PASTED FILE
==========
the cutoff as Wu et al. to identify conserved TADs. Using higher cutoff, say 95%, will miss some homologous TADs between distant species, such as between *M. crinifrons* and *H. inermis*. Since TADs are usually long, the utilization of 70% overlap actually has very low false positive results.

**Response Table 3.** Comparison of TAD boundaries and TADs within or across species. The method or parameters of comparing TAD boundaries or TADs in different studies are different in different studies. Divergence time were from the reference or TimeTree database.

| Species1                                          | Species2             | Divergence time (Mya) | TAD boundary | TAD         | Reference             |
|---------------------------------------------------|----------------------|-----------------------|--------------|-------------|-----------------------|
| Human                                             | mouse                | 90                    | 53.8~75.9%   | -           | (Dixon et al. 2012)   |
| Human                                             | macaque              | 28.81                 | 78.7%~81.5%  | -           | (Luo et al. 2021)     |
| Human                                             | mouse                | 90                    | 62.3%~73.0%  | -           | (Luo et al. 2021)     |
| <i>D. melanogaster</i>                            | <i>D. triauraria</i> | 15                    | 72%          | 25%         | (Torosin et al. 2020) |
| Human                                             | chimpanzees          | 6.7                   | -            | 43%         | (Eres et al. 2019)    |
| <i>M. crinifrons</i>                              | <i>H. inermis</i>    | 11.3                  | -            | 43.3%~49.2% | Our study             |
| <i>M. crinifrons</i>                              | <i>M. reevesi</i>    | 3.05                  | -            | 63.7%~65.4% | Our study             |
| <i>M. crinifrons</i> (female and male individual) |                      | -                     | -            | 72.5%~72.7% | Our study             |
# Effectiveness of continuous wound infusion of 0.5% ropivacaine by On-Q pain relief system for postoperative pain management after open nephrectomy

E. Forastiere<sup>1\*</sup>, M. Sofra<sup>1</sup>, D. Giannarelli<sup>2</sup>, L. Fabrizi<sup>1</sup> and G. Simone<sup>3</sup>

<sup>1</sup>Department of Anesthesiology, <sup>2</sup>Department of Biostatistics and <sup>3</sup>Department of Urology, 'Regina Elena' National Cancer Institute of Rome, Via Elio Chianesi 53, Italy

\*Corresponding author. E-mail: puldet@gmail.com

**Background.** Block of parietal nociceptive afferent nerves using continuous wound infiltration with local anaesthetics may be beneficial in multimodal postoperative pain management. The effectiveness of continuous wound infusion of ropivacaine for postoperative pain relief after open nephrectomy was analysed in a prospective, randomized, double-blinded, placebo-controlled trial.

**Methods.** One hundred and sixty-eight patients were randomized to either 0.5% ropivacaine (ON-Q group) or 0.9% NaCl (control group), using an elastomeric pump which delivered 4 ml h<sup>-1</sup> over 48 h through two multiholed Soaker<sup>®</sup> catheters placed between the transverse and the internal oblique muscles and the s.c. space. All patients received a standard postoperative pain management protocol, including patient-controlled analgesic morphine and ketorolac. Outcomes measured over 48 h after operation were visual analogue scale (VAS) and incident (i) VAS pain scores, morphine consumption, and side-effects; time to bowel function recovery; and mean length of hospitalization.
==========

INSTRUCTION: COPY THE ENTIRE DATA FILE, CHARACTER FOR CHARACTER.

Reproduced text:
the cutoff as Wu et al. to identify conserved TADs. Using higher cutoff, say 95%, will miss some homologous TADs between distant species, such as between *M. crinifrons* and *H. inermis*. Since TADs are usually long, the utilization of 70% overlap actually has very low false positive results.

**Response Table 3.** Comparison of TAD boundaries and TADs within or across species. The method or parameters of comparing TAD boundaries or TADs in different studies are different in different studies. Divergence time were from the reference or TimeTree database.

| Species1                                          | Species2             | Divergence time (Mya) | TAD boundary | TAD         | Reference             |
|---------------------------------------------------|----------------------|-----------------------|--------------|-------------|-----------------------|
| Human                                             | mouse                | 90                    | 53.8~75.9%   | -           | (Dixon et al. 2012)   |
| Human                                             | macaque              | 28.81                 | 78.7%~81.5%  | -           | (Luo et al. 2021)     |
| Human                                             | mouse                | 90                    | 62.3%~73.0%  | -           | (Luo et al. 2021)     |
| <i>D. melanogaster</i>                            | <i>D. triauraria</i> | 15                    | 72%          | 25%         | (Torosin et al. 2020) |
| Human                                             | chimpanzees          | 6.7                   | -            | 43%         | (Eres et al. 2019)    |
| <i>M. crinifrons</i>                              | <i>H. inermis</i>    | 11.3                  | -            | 43.3%~49.2% | Our study             |
| <i>M. crinifrons</i>                              | <i>M. reevesi</i>    | 3.05                  | -            | 63.7%~65.4% | Our study             |
| <i>M. crinifrons</i> (female and male individual) |                      | -                     | -            | 72.5%~72.7% | Our study             |
# Effectiveness of continuous wound infusion of 0.5% ropivacaine by On-Q pain relief system for postoperative pain management after open nephrectomy

E. Forastiere<sup>1\*</sup>, M. Sofra<sup>1</sup>, D. Giannarelli<sup>2</sup>, L. Fabrizi<sup>1</sup> and G. Simone<sup>3</sup>

<sup>1</sup>Department of Anesthesiology, <sup>2</sup>Department of Biostatistics and <sup>3</sup>Department of Urology, 'Regina Elena' National Cancer Institute of Rome, Via Elio Chianesi 53, Italy

\*Corresponding author. E-mail: puldet@gmail.com

**Background.** Block of parietal nociceptive afferent nerves using continuous wound infiltration with local anaesthetics may be beneficial in multimodal postoperative pain management. The effectiveness of continuous wound infusion of ropivacaine for postoperative pain relief after open nephrectomy was analysed in a prospective, randomized, double-blinded, placebo-controlled trial.

**Methods.** One hundred and sixty-eight patients were randomized to either 0.5% ropivacaine (ON-Q group) or 0.9% NaCl (control group), using an elastomeric pump which delivered 4 ml h<sup>-1</sup> over 48 h through two multiholed Soaker<sup>®</sup> catheters placed between the transverse and the internal oblique muscles and the s.c. space. All patients received a standard postoperative pain management protocol, including patient-controlled analgesic morphine and ketorolac. Outcomes measured over 48 h after operation were visual analogue scale (VAS) and incident (i) VAS pain scores, morphine consumption, and side-effects; time to bowel function recovery; and mean length of hospitalization.